A quick tip for improving the accessibility of CSS sprites: instead of using sized backgrounds, use the
:before pseudoelement. Sprites added with
:before will still show up in Windows high-contrast mode, whereas backgrounds are eliminated.
Having just finished the most advanced responsive HTML email project I’ve worked on yet, I thought I’d share a few things I’ve picked up.
- Use the Zurb Ink mail framework: It’s restrictive, but it’s the fastest way to get good results in the majority of clients
- Start with the desktop. There are two reasons to do this. Firstly, desktop clients are the least capable mail clients. (if you have Outlook 2011, thank your lucky stars. It actually does a pretty good job). Secondly even on mobile, many people will get the desktop view. Many mobile clients can’t parse media queries, so your finely crafted mobile view gets thrown out.
- Outlook 2013 is your worst nightmare. It’s terrible. Test that first, worry about everything else next. Outlook 2007 is probably second worst of the most-used desktop clients. Remember people upgrade email clients pretty infrequently.
- Try and make your mobile view simply a collapsed version of your desktop view. Many designers are used to the flexibility of responsive design in the browser. For web pages, you can practically include two or three completely different designs. Mobile clients don’t have the space or the smarts.
- If your design requires you to hide an element, hide it for mobile. Campaign Monitor have detailed a supposedly effective method of hiding content for desktop and webmail clients. I’ve had limited success with it. The
.hide-for-small classes included with Ink work well, though.
- Inline your CSS with MailChimp Lab’s Inliner. It seems to have a few more smarts around avoiding over-ridden classes. Just remember to uncheck the option to strip out the style tags, or you’ll lose your media queries.
- Test with Litmus. It’s expensive, slow, and suffers from frequent outages, but I don’t think there’s another option.
Update: The W3C have announced a community group for HTML email. It’s currently just a few days old, but looks promising. Their goal is to document the current state of HTML email and figure out a way to improve things. Hopefully client vendors and companies like Litmus, MailChimp and Campaign Monitor get involved!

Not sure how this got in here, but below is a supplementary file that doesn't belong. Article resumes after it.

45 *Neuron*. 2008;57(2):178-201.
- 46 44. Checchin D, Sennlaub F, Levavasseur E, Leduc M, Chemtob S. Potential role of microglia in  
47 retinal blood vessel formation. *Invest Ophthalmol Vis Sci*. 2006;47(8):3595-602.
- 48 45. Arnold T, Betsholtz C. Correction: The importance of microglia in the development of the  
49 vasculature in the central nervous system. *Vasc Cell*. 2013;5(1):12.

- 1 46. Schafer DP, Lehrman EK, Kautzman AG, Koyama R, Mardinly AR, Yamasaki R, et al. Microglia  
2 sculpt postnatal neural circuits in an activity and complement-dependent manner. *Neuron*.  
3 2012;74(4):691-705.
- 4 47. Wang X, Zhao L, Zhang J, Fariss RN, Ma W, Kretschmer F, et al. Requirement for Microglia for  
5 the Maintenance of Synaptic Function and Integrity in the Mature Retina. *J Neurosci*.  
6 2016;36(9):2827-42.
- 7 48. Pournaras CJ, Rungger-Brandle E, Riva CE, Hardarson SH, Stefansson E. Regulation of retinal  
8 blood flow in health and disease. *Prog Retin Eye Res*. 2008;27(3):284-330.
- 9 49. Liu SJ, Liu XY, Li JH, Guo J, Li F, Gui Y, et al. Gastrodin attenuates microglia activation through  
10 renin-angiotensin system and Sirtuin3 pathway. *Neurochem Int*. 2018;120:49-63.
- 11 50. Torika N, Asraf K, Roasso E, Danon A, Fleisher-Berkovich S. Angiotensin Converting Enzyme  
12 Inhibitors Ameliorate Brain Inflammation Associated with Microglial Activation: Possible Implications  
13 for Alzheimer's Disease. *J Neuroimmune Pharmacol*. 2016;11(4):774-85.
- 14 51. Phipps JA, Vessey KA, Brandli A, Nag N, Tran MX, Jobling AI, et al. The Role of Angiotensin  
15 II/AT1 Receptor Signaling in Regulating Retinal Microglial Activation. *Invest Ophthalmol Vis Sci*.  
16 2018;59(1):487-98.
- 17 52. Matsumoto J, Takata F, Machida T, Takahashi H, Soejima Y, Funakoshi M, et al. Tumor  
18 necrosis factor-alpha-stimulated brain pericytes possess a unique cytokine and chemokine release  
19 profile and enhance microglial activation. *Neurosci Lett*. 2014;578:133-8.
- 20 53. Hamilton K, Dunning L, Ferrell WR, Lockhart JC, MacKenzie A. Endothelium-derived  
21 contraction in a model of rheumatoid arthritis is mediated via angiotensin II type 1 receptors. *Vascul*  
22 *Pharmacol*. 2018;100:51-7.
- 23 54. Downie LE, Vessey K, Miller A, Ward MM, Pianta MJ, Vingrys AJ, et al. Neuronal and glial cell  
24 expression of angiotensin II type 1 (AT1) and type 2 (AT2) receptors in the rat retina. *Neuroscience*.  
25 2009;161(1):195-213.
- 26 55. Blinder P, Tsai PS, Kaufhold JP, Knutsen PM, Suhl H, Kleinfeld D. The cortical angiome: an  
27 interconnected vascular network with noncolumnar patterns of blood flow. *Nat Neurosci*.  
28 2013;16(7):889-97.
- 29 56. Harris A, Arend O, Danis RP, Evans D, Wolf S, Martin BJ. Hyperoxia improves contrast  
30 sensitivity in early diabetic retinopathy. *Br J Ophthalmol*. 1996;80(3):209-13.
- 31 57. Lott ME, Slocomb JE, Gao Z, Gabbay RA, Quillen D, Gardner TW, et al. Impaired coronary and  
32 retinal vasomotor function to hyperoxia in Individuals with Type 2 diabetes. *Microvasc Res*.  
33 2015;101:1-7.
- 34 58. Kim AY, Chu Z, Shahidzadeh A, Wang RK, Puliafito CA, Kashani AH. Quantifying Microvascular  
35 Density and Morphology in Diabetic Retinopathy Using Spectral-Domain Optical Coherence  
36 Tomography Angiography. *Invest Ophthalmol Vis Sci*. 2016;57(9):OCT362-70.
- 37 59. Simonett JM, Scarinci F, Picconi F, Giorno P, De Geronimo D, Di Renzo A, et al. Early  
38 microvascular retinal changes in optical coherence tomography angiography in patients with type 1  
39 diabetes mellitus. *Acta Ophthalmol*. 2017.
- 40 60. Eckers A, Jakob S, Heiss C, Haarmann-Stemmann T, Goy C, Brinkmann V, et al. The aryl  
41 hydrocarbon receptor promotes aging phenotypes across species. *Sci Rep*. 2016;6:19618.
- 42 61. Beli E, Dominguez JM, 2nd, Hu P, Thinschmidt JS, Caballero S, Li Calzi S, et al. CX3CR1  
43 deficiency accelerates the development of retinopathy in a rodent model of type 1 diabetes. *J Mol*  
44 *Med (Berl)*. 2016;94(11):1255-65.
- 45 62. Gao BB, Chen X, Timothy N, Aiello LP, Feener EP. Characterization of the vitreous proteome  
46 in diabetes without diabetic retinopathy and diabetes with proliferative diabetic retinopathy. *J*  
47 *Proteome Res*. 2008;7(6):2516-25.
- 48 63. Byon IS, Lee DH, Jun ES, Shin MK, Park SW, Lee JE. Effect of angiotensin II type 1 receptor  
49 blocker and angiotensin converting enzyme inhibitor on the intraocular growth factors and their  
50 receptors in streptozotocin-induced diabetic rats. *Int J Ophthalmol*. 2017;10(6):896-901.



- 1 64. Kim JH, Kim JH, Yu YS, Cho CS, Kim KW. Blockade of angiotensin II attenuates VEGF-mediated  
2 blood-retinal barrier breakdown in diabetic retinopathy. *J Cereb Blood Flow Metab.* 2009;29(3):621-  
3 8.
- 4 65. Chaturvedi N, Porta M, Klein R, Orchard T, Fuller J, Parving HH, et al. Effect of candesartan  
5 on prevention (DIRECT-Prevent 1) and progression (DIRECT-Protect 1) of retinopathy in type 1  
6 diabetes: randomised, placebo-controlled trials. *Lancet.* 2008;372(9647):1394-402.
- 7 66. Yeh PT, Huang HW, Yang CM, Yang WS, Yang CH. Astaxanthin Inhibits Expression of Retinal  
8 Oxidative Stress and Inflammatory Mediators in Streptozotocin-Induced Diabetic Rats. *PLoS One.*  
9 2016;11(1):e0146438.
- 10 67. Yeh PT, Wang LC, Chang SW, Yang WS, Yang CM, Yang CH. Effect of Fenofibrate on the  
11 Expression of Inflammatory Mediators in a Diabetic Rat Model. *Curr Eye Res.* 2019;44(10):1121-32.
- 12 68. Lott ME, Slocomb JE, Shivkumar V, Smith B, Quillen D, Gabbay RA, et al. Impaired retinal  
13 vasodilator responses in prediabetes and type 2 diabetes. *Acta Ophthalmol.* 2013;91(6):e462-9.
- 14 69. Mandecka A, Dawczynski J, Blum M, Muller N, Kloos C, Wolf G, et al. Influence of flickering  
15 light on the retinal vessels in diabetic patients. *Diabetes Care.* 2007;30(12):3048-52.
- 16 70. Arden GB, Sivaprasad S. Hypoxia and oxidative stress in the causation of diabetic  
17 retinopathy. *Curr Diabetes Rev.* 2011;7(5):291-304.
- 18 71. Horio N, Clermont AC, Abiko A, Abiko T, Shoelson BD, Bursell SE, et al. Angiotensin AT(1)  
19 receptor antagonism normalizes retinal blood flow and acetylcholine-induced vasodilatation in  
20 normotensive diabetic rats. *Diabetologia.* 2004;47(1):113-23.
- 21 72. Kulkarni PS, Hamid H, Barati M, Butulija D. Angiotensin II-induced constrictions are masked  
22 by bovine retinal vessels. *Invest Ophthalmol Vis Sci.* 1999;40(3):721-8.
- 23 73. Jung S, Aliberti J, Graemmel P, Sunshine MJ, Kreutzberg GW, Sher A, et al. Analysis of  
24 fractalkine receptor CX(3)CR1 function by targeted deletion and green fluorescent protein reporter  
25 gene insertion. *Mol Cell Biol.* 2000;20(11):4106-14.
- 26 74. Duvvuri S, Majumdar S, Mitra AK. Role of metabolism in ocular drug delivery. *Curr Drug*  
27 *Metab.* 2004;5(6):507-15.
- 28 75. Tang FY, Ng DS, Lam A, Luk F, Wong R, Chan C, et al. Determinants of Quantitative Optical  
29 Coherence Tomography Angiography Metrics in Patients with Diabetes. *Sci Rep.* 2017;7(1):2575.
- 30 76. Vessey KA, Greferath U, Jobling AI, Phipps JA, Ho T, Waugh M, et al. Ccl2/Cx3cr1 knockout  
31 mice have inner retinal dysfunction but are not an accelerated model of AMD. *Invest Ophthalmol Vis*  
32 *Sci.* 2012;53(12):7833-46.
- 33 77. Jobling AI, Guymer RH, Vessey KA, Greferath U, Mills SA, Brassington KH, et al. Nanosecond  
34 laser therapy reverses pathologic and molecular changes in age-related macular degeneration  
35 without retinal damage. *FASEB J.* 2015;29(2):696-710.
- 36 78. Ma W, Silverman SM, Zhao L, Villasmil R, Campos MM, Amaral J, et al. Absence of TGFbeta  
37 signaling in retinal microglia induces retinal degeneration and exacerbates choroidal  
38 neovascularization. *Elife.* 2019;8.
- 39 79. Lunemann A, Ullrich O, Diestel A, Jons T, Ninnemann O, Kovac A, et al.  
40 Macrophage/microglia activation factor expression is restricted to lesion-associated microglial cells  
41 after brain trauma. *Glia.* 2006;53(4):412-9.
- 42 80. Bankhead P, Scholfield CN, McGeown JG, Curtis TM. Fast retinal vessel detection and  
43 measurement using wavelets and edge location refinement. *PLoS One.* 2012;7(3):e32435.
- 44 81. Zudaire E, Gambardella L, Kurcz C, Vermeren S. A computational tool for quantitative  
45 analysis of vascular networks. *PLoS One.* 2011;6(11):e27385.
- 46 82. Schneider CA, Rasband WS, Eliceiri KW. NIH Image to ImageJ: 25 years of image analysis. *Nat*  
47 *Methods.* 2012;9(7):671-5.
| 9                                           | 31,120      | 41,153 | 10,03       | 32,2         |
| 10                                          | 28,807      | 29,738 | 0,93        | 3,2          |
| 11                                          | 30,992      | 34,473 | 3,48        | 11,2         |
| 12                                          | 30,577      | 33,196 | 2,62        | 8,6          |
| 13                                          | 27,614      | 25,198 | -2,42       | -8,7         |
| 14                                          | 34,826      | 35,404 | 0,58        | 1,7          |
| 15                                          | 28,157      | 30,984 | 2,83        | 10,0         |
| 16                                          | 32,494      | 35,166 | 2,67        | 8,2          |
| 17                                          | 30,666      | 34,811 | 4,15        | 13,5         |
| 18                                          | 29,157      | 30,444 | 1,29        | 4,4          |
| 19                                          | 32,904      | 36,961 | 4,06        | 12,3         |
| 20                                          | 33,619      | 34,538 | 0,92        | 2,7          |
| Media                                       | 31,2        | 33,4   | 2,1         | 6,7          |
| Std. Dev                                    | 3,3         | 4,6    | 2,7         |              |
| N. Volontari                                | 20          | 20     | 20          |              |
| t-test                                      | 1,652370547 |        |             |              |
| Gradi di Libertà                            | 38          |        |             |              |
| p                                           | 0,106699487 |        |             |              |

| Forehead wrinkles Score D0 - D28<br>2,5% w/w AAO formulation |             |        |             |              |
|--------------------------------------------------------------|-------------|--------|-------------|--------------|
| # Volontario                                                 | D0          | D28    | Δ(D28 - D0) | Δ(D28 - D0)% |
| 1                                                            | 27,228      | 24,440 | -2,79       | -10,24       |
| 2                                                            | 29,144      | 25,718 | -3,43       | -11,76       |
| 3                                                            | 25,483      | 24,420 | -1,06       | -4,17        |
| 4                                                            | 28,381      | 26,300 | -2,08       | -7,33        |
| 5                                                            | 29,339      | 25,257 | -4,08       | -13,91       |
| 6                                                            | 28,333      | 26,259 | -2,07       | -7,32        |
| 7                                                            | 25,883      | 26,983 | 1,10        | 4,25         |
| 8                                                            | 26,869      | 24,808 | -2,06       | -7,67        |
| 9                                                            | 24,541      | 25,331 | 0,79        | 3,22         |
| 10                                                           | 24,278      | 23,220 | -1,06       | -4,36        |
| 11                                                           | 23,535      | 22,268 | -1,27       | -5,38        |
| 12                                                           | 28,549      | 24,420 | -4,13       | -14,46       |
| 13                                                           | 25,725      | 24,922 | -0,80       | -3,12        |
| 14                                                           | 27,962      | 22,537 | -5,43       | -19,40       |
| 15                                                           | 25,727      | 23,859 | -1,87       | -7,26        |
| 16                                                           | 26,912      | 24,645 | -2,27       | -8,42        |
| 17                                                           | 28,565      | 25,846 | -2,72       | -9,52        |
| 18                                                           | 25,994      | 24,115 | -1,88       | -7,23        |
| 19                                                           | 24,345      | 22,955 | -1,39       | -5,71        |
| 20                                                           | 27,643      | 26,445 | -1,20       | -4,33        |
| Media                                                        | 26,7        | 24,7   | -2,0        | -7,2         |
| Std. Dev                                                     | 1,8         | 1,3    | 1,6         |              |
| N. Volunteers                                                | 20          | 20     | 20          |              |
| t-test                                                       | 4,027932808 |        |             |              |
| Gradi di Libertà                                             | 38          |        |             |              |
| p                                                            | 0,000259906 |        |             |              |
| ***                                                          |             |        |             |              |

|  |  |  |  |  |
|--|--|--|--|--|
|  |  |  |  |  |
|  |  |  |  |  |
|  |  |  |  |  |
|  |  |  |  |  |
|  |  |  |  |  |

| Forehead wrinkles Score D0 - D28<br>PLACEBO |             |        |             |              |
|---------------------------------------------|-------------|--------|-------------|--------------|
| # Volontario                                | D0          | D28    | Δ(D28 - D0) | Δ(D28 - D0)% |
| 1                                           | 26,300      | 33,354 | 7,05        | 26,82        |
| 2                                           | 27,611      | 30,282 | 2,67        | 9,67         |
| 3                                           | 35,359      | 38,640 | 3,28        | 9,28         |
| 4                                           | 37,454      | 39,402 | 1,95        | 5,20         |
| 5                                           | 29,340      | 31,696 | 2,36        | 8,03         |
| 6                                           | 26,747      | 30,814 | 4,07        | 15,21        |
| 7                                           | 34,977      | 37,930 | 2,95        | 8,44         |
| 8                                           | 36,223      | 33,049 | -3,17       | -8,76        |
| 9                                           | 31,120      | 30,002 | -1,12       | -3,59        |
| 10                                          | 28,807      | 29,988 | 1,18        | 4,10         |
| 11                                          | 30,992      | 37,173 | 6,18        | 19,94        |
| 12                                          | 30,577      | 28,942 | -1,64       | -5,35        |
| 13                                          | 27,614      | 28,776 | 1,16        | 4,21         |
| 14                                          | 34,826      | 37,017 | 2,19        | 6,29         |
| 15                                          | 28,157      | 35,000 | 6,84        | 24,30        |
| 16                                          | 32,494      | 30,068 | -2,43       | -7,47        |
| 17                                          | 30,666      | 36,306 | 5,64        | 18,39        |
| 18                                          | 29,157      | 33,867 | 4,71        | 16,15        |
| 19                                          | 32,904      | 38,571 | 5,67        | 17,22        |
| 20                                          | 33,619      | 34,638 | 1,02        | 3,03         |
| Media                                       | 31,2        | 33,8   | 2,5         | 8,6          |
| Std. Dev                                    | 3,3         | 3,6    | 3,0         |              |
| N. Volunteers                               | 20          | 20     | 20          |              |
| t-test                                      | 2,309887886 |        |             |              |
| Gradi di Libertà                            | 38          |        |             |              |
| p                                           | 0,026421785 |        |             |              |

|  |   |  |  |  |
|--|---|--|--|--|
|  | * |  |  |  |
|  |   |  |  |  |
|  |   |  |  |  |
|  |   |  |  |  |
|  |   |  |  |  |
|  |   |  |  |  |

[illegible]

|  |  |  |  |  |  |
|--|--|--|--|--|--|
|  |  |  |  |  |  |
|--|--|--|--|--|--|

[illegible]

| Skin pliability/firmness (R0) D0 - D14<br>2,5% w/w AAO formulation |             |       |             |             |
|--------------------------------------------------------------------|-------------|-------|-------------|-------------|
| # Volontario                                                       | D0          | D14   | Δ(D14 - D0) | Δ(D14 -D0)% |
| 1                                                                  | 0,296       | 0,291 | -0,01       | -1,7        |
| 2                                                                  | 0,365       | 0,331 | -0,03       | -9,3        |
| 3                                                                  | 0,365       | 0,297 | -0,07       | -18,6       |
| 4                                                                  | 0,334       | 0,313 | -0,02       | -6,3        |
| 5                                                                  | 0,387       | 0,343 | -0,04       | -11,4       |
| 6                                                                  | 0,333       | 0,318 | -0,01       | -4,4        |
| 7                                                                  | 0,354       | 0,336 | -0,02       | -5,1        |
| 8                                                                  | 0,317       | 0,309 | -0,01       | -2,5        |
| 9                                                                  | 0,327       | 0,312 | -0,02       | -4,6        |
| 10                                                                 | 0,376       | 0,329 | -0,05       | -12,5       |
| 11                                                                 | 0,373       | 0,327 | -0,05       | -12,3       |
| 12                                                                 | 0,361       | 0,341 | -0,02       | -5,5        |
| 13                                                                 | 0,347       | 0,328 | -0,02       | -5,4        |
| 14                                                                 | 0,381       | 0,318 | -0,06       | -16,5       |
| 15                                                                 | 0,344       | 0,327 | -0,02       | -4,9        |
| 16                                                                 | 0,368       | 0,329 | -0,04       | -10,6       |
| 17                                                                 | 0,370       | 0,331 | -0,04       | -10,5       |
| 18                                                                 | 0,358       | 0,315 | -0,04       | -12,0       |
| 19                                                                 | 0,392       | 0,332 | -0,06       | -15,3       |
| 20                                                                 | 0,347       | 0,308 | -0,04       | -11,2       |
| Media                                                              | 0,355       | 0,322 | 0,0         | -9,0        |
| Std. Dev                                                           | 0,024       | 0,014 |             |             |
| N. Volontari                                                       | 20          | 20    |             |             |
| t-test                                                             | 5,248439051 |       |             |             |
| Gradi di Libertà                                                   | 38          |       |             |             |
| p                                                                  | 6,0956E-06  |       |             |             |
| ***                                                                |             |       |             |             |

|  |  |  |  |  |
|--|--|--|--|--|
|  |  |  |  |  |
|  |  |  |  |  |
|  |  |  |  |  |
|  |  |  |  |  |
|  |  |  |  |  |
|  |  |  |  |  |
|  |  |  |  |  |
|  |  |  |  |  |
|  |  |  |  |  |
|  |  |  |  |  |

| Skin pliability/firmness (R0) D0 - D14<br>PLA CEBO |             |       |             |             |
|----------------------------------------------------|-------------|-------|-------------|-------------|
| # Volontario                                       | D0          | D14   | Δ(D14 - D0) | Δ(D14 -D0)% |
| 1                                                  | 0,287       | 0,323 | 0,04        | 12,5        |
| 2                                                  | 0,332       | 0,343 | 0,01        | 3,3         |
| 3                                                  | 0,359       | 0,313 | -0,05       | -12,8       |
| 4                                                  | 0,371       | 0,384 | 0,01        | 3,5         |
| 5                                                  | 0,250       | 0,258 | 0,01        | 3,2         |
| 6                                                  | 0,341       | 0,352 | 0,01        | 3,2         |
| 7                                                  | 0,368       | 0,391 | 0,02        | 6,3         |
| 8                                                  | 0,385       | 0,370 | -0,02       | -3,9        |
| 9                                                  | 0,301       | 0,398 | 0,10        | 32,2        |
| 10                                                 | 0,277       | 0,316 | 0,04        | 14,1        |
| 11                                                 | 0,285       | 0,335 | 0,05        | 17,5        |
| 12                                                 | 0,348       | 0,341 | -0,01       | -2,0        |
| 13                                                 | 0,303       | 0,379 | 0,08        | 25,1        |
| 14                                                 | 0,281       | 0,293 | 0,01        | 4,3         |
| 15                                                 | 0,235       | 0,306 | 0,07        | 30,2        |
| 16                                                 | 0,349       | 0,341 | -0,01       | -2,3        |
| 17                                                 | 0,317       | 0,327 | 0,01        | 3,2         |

On April 13th, WooThemes hosted WordSesh, a full day of streamed talks on various WordPress topics by WordPress professionals. The videos from those talks are now available on the WordSesh channel on YouTube.
I often get content for sites in Word docs which I used to open in Pages. Getting the text out of pages involved far too much clicking, particularly if I was extracting a URL from text in a table. To save my wrists, I figured out the following:
catdoc file.doc | coda >> temp.txt
catdoc converts the Word file into plain text, and outputs to STDIO. I pipe that into Coda using
coda-cli. For some odd reason, I need to provide the
temp.txt throw-away file, or Coda doesn’t respond. The result is a new tab in Coda with the contents of the Word document.
coda-cli can be installed using Homebrew.
Litmus have just announced a new tool called Scope. It’s a bookmarklet that lets you view prettified versions of the source to the HTML email you’re viewing in your browser. There’s also an option to view the text or mobile version of any email, and you can share the email with your personal information scrubbed. Check out the introduction and get the bookmarklet on the Scope page.